Risk Level – Then you must decide what level of risk you are comfortable with. Ask yourself, what is your maximum percentage risk per trade – is it 1%, 2% or 3%? If you are new to trading and not feeling very confident just yet you could set your risk level to 0.5% or 1%. Experienced traders can trade with risk levels between 3 – 5% and the more adventurous and confident traders trade with a 7 or 8% risk level. However, like I say, if you are new to this or in the early stages of your trading it is best to stick with a lower risk level until you gain confidence.
Once you have set a risk level you must keep it the same during open trading periods.
Trading Size – Once you have decided on the above figures you can now work out your trading size. For example if your Trading Fund is 20,000 and you have decided on a risk level of 1% then your trading size would be 200 (20,000 x 1%). This is the maximum amount you want to risk on each trade also referred to as the Risk Amount.
So now you know the size of your overall trading fund, your risk level and the maximum amount you want to risk per trade.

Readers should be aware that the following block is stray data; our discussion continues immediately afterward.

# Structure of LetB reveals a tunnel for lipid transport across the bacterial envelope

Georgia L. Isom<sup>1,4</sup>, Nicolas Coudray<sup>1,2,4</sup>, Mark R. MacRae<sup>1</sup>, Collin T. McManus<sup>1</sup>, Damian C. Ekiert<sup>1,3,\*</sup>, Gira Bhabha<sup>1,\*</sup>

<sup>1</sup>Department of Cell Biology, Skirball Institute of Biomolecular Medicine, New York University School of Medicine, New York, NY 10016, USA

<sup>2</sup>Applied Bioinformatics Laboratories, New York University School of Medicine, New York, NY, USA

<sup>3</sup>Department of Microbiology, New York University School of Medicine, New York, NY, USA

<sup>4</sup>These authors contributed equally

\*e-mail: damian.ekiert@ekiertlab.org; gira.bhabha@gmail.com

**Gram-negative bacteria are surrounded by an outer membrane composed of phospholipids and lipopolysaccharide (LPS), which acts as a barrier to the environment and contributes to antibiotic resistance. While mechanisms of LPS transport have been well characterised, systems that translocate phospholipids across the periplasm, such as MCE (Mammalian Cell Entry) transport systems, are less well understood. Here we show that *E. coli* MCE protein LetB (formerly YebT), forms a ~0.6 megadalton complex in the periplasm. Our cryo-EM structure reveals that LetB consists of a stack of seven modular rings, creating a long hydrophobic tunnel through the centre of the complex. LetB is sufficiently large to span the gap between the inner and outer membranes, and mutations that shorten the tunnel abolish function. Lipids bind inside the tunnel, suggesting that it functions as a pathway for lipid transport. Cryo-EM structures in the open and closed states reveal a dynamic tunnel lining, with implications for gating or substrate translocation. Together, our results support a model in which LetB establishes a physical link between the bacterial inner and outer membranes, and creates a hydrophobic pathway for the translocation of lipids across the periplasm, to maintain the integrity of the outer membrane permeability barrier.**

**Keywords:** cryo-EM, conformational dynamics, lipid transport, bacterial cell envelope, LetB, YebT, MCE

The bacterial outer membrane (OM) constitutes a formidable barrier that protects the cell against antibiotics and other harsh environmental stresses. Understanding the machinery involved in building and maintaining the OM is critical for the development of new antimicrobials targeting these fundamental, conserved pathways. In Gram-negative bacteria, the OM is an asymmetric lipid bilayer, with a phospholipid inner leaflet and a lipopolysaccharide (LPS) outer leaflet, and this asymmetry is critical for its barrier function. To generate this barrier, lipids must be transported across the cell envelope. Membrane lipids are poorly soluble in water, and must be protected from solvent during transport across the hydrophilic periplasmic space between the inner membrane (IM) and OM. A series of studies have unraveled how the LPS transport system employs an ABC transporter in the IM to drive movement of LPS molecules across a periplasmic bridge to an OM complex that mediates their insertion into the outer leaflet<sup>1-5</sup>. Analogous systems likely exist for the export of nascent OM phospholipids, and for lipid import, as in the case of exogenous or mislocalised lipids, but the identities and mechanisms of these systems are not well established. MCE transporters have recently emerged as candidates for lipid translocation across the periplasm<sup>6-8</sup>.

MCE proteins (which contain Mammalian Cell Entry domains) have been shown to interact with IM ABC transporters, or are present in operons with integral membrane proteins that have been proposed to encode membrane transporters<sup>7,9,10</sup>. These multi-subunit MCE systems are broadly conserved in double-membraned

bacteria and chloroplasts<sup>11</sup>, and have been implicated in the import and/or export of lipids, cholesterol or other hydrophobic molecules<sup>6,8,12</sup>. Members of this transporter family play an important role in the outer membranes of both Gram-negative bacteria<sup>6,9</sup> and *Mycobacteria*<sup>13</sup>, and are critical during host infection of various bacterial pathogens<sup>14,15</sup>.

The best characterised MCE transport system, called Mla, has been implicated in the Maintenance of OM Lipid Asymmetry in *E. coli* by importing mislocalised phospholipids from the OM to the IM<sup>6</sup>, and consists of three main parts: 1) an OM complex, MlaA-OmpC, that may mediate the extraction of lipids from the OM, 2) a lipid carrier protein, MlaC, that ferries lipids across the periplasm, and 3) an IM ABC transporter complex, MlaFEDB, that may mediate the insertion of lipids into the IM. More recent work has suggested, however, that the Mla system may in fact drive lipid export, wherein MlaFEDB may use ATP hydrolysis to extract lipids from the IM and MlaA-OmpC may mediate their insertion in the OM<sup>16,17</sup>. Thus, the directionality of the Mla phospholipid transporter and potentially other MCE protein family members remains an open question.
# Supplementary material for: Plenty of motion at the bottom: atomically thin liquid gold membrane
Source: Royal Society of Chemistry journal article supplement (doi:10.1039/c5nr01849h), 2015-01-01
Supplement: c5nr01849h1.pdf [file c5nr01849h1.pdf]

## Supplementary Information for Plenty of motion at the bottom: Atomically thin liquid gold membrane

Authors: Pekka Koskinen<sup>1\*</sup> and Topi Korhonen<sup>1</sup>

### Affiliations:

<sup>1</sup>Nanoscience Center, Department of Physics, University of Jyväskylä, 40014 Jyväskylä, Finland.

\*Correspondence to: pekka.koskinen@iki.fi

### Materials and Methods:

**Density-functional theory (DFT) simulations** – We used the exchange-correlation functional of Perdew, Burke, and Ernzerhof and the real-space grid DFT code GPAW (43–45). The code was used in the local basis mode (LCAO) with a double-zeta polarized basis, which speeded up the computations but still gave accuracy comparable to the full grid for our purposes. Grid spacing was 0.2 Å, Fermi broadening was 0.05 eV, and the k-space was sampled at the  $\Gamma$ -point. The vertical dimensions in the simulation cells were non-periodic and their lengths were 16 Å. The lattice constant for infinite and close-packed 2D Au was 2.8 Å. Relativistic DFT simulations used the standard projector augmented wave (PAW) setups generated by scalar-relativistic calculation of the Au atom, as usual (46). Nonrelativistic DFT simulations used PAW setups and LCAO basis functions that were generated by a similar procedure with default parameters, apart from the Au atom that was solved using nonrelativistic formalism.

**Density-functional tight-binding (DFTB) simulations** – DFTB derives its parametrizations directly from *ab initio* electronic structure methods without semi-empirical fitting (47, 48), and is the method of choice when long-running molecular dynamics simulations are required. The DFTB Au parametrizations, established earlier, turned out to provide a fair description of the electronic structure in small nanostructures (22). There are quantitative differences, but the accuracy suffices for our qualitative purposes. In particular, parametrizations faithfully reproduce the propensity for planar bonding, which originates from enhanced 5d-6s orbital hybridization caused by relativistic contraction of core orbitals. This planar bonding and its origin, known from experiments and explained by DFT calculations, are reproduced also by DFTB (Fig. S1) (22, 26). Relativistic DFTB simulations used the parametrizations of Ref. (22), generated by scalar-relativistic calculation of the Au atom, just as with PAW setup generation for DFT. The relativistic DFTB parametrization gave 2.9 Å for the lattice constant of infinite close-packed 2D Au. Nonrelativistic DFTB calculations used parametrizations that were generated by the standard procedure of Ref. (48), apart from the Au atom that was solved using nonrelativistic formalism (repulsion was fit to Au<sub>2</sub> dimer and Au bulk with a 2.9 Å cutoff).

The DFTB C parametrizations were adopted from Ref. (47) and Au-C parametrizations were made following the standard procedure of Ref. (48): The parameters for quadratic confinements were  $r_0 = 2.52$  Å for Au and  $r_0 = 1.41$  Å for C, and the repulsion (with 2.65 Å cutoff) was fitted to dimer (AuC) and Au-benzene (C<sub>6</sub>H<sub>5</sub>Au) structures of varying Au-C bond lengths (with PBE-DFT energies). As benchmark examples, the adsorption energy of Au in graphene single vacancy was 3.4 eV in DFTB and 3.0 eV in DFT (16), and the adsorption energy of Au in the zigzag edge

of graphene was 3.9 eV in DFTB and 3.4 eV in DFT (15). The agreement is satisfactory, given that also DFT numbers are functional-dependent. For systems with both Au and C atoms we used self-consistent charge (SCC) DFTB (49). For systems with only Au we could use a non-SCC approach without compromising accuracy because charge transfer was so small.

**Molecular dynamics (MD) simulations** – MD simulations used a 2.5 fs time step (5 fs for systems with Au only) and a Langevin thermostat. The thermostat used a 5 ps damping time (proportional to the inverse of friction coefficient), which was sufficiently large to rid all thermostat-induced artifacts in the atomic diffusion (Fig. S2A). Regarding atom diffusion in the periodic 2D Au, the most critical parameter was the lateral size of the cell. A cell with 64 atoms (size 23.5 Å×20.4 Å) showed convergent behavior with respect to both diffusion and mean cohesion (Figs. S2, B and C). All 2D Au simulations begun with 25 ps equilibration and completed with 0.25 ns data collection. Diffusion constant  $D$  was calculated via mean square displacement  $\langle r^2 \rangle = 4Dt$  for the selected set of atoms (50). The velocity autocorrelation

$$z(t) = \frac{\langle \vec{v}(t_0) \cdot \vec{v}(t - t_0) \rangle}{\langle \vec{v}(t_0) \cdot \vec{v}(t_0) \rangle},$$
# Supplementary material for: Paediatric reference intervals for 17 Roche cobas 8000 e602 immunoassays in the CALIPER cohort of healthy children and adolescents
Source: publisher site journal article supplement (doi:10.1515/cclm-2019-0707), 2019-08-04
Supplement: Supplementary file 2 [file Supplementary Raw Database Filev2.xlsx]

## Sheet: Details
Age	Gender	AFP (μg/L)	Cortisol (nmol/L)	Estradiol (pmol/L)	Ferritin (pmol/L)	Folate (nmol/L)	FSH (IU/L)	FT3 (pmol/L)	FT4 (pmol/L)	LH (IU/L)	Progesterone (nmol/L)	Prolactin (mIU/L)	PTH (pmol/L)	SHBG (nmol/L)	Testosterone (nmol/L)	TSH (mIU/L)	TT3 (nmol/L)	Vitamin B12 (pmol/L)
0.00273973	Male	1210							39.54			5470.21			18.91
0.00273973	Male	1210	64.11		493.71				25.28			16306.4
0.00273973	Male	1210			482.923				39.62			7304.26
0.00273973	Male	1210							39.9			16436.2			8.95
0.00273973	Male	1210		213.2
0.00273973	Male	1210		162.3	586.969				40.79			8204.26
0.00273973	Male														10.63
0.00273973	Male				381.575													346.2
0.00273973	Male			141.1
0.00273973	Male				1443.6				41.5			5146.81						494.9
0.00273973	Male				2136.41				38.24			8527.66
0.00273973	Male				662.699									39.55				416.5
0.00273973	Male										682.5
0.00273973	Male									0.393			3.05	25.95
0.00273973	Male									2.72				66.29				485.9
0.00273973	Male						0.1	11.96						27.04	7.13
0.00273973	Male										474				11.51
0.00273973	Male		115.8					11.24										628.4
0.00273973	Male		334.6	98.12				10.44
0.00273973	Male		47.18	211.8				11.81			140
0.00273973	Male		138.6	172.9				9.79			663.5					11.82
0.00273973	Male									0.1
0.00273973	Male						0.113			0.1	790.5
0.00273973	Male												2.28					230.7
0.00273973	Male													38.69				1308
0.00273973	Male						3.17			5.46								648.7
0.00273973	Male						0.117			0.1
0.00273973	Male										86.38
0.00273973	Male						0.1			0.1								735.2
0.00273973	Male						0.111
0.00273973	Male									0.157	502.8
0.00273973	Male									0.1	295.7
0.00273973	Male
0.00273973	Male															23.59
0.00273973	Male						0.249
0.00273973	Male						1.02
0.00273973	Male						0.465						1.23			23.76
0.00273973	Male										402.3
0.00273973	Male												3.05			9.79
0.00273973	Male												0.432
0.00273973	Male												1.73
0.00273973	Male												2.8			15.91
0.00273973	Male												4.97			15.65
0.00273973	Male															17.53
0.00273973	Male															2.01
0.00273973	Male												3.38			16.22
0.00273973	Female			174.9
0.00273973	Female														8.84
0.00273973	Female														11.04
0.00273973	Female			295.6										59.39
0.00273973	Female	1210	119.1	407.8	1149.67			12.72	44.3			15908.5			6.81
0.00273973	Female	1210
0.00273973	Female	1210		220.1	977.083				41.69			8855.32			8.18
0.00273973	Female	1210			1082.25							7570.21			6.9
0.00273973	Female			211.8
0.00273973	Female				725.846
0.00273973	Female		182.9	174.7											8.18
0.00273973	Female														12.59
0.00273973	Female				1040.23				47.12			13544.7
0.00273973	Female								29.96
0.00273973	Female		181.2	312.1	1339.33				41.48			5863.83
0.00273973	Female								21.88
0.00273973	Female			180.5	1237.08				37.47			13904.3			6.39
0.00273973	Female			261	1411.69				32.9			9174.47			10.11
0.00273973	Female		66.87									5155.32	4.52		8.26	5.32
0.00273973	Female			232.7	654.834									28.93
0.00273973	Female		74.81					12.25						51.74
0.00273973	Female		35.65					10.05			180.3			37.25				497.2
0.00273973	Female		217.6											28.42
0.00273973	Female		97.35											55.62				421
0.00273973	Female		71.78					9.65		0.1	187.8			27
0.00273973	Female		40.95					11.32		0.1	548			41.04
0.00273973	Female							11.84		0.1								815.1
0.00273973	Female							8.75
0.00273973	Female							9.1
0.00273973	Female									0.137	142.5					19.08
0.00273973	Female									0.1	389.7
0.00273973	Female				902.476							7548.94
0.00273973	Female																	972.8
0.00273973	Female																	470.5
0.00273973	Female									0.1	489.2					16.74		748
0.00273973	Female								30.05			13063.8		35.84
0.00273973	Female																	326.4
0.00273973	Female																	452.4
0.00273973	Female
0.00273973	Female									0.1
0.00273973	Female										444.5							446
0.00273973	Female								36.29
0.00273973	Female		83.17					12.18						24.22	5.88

With this information at hand you can now work out how much to trade per point on your trades…
Let’s assume you have chosen a trade, know your entry price and where you want to place the stop.
The calculation to work out the Price Per Point is as follows:
The risk amount divided by the distance in points between the Entry Price and the Stop Loss gives the ‘Per Points’ price.
The amount to place per point is worked out on the Risk to Stop Loss level.
Let’s look at the following example:
- £20,000 trading fund in account.
- Risk level is set at 1% = £200 risk per trade (Risk Amount).
- So if we enter a LONG trade at 540 and the stop loss is at 520 this gives us a 20 points difference.
- We divide the risk £200 by 20 (entry/stop difference) which gives us an amount of £10 per point.
- If the stop loss was to be set at 30 points away from the entry figure we would divide £200 by 30 and get £6.66. We would round this down to £6 per point.
The distance between the entry level and the stop loss level should be based on the trading strategy that a trader is using. One useful trading tool here is the ATR (average true range). A trader might choose to utilise 3 times the daily average true range as the basis for a stop for a bet to be held for weeks or months. Alternatively, if the trader intends just to hold the position for a few days, an ATR of just 1 to 1.5 should be more appropriate.